# The blogosphere came alive yesterday after Kara Swisher's post "Twitter: Where Nobody Knows Your Name" in which she recounted that of a survey of 100 people attending a wedding everyone knew about Facebook (even half of them accounts) but no-one knew of Twitter, FriendFeed or other similar services. In all truth, this is not surprising.
As I wrote yesterday, just because someone uses a social media/networking service such as Facebook it doesn't automatically make them a social media user - that is, it doesn't mean they actually know what social media is or want to go looking for other services.
If this knowledge gap exists amongst those who use social networking services how are we then supposed to get those people on board who aren't even that far along the web 2.0 road? There is a much larger percentage of the population who spend next to no time online and may only use a computer to check their emails and visit the odd website - the TV generation.
Clay Shirky proposed that the vast number of hours spent watching television could be used to far greater effect and would have a huge impact on 'media' if those consumers became content producers instead of wasting away in front of the small screen. I agree with Frederic at The Last Podcast, however, that those consumers would not want to become producers; the reason they sit back and watch so much TV is due to apathy - they simply cannot be bothered to do anything that requires more effort.
This apathy extends right across the board so expecting the general populace to become involved in new media avenues is wishful thinking.
Social media may well go mainstream eventually but it will be by stealth rather than a concerted push for adoption. As business picks up on ways to effectively utilise social media to increase their outreach consumers will begin to use these tools by default but it will take a long time. As the concept slowly seeps into the fabric of our lives it is our job to cajole and encourage where we can in order to help people realise how this 'new' form of communication is beneficial.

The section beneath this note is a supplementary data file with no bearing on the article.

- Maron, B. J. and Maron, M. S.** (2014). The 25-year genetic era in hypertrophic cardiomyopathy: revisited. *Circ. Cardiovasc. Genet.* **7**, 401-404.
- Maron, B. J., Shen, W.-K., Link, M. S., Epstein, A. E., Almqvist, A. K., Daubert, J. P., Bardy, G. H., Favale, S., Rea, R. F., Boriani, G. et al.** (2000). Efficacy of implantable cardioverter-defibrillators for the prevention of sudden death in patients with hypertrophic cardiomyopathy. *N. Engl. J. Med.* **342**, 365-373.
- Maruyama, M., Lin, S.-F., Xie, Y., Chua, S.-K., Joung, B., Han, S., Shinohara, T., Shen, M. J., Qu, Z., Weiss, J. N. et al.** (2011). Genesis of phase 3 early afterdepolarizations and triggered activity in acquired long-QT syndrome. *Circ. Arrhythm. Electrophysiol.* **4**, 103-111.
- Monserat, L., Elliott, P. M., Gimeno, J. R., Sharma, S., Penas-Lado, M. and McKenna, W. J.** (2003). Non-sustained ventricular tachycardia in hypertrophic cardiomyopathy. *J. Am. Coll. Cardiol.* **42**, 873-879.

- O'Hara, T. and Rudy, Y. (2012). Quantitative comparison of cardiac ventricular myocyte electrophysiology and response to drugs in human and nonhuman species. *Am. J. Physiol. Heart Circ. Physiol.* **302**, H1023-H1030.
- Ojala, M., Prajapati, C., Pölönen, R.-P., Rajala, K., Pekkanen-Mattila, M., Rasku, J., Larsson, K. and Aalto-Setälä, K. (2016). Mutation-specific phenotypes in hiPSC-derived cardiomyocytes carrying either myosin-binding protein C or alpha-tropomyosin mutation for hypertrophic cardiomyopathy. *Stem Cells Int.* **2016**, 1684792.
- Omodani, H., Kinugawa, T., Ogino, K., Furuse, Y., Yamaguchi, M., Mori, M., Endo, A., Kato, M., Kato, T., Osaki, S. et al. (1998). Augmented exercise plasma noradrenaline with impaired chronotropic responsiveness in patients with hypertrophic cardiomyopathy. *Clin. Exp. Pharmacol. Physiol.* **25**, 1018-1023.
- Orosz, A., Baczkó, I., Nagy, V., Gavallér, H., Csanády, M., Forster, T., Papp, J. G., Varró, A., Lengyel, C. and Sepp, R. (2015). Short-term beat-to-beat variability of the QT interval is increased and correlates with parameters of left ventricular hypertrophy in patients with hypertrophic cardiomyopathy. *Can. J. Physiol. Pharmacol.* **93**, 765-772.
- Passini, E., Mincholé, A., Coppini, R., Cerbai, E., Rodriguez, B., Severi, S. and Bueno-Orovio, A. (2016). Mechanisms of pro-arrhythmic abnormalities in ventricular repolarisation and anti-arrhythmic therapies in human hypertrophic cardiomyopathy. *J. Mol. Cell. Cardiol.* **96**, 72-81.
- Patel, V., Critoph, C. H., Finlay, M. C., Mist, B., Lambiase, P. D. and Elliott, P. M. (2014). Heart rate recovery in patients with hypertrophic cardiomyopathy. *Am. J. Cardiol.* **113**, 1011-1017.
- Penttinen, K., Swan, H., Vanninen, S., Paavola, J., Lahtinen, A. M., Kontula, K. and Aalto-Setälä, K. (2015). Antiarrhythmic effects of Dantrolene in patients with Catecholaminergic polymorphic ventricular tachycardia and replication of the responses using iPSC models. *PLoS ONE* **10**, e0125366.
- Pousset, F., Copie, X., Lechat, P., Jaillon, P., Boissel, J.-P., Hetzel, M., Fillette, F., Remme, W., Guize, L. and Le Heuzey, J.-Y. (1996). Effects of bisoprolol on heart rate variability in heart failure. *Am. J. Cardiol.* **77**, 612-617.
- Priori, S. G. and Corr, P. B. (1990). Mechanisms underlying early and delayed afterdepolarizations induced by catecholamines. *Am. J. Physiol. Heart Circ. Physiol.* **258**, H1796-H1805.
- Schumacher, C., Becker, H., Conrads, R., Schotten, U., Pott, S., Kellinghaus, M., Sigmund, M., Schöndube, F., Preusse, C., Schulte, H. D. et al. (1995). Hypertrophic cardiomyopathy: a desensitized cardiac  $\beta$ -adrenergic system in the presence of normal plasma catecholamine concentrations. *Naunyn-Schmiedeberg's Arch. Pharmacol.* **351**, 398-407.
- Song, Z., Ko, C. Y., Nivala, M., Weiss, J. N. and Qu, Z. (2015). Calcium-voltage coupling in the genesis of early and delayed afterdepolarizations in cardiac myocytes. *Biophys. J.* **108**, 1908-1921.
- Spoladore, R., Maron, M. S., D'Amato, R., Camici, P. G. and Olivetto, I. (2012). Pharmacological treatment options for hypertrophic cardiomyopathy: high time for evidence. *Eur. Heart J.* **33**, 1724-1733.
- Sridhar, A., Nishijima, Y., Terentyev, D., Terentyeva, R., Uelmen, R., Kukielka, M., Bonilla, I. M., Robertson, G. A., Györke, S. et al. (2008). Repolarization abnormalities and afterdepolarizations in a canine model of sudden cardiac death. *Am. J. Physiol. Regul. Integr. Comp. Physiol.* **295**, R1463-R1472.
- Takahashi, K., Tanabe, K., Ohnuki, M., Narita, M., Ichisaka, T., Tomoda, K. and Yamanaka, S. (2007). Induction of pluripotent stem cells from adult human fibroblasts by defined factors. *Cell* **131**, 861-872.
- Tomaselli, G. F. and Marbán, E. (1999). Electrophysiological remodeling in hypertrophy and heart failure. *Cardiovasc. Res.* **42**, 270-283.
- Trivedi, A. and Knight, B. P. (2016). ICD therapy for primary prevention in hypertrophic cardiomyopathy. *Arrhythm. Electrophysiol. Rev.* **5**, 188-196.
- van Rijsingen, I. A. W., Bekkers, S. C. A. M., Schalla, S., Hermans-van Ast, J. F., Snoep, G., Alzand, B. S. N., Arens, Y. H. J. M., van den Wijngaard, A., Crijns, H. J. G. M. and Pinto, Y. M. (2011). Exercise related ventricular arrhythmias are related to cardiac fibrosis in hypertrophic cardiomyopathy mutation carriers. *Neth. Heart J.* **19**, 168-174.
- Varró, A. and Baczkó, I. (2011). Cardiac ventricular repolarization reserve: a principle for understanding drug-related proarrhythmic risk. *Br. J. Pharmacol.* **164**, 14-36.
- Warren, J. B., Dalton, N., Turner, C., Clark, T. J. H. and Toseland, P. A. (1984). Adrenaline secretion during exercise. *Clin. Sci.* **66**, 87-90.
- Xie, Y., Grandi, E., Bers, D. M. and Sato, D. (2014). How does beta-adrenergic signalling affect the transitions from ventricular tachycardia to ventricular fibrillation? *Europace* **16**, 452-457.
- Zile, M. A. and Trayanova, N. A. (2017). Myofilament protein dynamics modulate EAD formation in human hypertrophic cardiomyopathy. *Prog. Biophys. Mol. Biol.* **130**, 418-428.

It is not about individual applications or services going mainstream but more the idea and facility of social media and social networking. Much is said of the success of Facebook, YouTube and MySpace as examples of 'new media' achieving success but this is because they fulfil a function or because of the status attached to them at a specific time - the cool factor as described by Steven Hodson. Even so, the total usage they have achieved is but a drop in the global ocean. Despite the growth of these sites ask the average account holder if they use any social media/social networking services and you are likely to get a blank stare - they don't understand the full implications of what there are using.
The chances are that the current applications on offer won't be the ones going mainstream; it will be next generation of services that take off after piggy-backing on the likes of Twitter etc. to gain popularity - it is the natural evolution of an organic industry. Eventually, something comes along at the right time and has the right spin just like MySpace and Facebook did.
As Alexander van Elsas states at his blog the whole web 2.0 space is awash with clones, variations on a theme and mashups which pull these services together. Innovation has slowed and it is difficult to see where the next big thing will come from. While the numerous services are fighting for our attention it is hard to envision anything going mainstream. This is why I believe social media will sneak in via the back door as consumers start to use whatever they are given by the service providers they currently hold contracts with, or those companies whose products they already use.
This is how social media ubiquity will be achieved whether we like it or not, and no matter how precious we get over our favourite startup or service.
How do you see the current social media sphere developing? Is there any way that we can actively promote adoption or will it just be a case of waiting?
Image by "passamanerie".